Nisarga to COVID: When Fear of Mortality Hits a Plushy Mumbaikar
As Mumbai, already crippled with COVID-19, escaped a cyclone, a Mumbaikar pens his experience.
High anxiety reigned right from Wednesday morning to latish afternoon. Windows shut, doors bolted, electronic appliances switched off, gaping at the darkening shadows, the mutinous skies, and checking on windy.com about the progress of Cyclone Nisarga - a seasoned Mumbaikar was alarmed that his nerves were shot to smithereens.
The city was being cyclone-invaded again, way after 22 November, 1948. The headlines had reported then, “Electric Supply Breakdown: Transport Disorganised”, “Many Casualties in House Collapses”, “Roads Blocked by Uprooted Trees”.
Auspiciously around 4 pm yesterday the word was out: Mumbai had been spared by the ill-timed fury of nature. Videos popped up on WhatsApp about the devastation on the outskirts of the metropolis. Thane, Raigad, Alibaug, Mandwa, Palghar and other districts were squalled by Nisarga – the Bangladeshi meaning of the name being ‘nature’. A handful of lives were lost inevitably to become statistics in the log-records.
In the city itself, nearly a hundred grand old trees were uprooted, including a giant oak opposite the tony Cricket Club of India, Churchgate.
The Nisagra was a weak cousin of Amphan, which had lacerated Kolkata and Bangladesh last month, killing at least 100 people. Mumbai lucked out. By early evening, defying the curfew, throngs collected at the Marine Drive oceanfront to click selfies. It seemed just like another romantic, monsoon day in Paradise.
Social distancing and masks were forgotten - a majority of Mumbaikars are just not interested, citing breathing trouble or claiming that they’re on their way to do yoga, where inhaling and exhaling is of the essence. Approach an offender, his mouth resembling that of a goldfish, and he’ll probably spit on your face.
Meanwhile, Maharashtra continues to tote up the highest number of COVID-19 positive cases, possibly because of its size and the inhuman conditions in shanty colonies.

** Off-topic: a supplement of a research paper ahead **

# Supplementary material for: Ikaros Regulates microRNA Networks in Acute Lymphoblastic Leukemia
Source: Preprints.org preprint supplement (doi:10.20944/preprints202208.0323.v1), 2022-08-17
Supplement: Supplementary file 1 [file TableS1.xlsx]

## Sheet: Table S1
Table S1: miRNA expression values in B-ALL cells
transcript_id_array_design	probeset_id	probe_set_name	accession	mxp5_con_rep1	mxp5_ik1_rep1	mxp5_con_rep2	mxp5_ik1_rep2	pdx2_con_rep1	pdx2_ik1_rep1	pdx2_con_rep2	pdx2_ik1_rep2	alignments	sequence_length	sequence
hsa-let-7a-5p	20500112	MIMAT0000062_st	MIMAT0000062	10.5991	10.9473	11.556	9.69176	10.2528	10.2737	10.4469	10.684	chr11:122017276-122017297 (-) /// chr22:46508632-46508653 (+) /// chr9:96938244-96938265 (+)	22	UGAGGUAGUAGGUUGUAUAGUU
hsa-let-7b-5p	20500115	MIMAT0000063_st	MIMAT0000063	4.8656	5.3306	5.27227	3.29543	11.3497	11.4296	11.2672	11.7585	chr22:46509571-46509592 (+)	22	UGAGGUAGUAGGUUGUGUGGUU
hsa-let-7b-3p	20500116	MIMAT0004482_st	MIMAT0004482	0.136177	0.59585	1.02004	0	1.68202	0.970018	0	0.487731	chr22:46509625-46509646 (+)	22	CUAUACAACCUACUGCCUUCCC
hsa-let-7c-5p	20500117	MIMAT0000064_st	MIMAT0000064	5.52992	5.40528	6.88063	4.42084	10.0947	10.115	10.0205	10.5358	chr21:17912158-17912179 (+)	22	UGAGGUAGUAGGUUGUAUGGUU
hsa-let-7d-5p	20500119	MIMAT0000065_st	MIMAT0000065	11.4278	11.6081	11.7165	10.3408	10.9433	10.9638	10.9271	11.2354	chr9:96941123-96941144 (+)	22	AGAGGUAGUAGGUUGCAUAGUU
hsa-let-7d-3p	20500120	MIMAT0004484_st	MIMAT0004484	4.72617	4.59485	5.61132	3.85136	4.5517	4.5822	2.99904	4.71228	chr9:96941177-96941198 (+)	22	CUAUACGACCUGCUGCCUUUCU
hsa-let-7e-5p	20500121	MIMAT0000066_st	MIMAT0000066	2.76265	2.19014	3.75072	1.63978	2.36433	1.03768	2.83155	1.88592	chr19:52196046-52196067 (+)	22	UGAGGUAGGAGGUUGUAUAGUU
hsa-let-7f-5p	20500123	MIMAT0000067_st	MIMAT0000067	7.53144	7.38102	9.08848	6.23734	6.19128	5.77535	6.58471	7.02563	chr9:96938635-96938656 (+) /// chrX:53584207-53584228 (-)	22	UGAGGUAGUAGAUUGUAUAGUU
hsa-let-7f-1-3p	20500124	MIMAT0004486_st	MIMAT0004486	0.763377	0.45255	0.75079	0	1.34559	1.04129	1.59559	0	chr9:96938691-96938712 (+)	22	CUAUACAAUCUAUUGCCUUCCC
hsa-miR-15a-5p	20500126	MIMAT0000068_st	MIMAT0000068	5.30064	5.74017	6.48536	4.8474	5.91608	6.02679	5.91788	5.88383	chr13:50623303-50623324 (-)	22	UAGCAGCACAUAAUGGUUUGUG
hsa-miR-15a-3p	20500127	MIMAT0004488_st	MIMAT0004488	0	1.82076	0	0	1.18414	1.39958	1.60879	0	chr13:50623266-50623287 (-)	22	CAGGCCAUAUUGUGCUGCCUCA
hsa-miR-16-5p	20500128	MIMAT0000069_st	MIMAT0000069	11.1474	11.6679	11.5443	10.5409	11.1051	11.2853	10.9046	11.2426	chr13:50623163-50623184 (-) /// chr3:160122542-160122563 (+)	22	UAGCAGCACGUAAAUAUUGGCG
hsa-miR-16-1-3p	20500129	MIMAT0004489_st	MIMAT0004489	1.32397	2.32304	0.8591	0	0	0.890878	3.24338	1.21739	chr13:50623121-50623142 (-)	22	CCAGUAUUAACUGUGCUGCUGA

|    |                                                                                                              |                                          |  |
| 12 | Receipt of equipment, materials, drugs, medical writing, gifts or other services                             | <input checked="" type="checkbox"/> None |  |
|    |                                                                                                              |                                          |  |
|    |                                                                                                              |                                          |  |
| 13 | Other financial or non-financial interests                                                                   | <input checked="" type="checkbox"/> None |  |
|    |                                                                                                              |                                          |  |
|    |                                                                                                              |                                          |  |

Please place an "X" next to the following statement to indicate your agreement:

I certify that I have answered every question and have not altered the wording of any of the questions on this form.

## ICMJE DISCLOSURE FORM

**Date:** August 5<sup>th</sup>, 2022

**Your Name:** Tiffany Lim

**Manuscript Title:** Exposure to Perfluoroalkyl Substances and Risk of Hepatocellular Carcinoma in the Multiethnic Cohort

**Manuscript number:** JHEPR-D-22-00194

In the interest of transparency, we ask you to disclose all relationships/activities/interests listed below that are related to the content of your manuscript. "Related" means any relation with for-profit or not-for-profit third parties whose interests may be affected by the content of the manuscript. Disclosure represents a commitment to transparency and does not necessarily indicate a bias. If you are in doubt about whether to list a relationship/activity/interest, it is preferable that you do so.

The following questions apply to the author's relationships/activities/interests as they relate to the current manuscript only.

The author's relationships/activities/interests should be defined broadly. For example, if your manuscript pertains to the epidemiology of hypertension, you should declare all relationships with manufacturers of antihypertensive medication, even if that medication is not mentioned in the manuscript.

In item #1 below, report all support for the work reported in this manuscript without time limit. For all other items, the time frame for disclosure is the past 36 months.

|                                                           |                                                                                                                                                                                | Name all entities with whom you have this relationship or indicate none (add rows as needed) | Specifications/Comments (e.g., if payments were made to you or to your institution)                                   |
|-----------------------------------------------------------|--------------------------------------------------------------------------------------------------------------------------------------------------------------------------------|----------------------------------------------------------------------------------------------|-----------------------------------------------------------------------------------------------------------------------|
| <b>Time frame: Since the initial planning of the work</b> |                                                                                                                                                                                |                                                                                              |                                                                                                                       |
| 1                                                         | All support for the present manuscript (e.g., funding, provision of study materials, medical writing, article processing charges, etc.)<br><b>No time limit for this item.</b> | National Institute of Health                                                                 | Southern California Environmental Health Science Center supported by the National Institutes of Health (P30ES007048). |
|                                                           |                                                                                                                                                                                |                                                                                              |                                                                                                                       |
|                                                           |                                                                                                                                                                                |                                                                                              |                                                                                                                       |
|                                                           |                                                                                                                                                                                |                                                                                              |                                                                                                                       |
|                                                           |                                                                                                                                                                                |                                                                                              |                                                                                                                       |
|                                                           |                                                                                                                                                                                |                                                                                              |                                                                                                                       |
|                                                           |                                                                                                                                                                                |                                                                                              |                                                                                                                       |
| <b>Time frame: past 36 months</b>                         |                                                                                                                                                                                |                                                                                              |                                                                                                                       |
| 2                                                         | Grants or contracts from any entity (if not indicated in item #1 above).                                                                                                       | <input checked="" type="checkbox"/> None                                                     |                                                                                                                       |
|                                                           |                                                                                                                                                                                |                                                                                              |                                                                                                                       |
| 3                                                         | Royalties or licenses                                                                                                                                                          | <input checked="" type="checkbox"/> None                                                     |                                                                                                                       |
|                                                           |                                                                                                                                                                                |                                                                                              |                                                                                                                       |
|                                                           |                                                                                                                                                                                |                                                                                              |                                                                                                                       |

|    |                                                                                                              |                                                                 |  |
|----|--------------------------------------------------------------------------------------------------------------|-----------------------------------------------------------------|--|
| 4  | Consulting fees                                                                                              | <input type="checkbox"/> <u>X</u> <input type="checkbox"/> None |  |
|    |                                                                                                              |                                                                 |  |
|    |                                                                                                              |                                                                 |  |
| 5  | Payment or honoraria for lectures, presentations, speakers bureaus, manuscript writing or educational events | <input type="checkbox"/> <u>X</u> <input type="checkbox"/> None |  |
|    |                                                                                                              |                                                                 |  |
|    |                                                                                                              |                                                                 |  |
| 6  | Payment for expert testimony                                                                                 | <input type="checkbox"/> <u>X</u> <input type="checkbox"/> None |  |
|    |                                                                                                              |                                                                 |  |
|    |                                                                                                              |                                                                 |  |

In Mumbai’s hospital facilities, the brave battalion of doctors and nurses are at the end of a tether. Patients with other grave, life-endangering illnesses have been seconded, although with the so-called opening-up of the lockdown, online consultations and private sanitised clinics are striving to slave against the ceaseless odds.
In the event, how does a Mumbaikar, fortunate enough to live in a cushier section of the city – Malabar Hill close to the Chief Minister’s official residence – keep his cool in the face of an imperilled city? One mantra is to switch off television news entirely (Arnab Goswami with his nerve-jangling voice throw for starters), delete social media messages, which in effect predict Doomsday is just a breath away. And attempt to practise the declared policy of “Stay Home, Stay Safe.” It’s the most comforting prescription, probably, under the circumstances.
Yet in a housing colony, can one become a one-man police force? No way. If a group of 20-plus insist on playing football in the parking zone in the deep of the night, so be it. Fortuitously, though, the densely populated colony has come together on some key necessities: no outsiders to be permitted, the online deliveries of groceries, provisions and mangoes (remember it’s the season) have to be delivered to the security staff at the gate.
Try to do it solo and this business of online and phone shopping is, alas, severely impractical. Get through to the chemist’s even, and you’ll be told gruffly, “No staff. Come here and collect the stuff yourself.”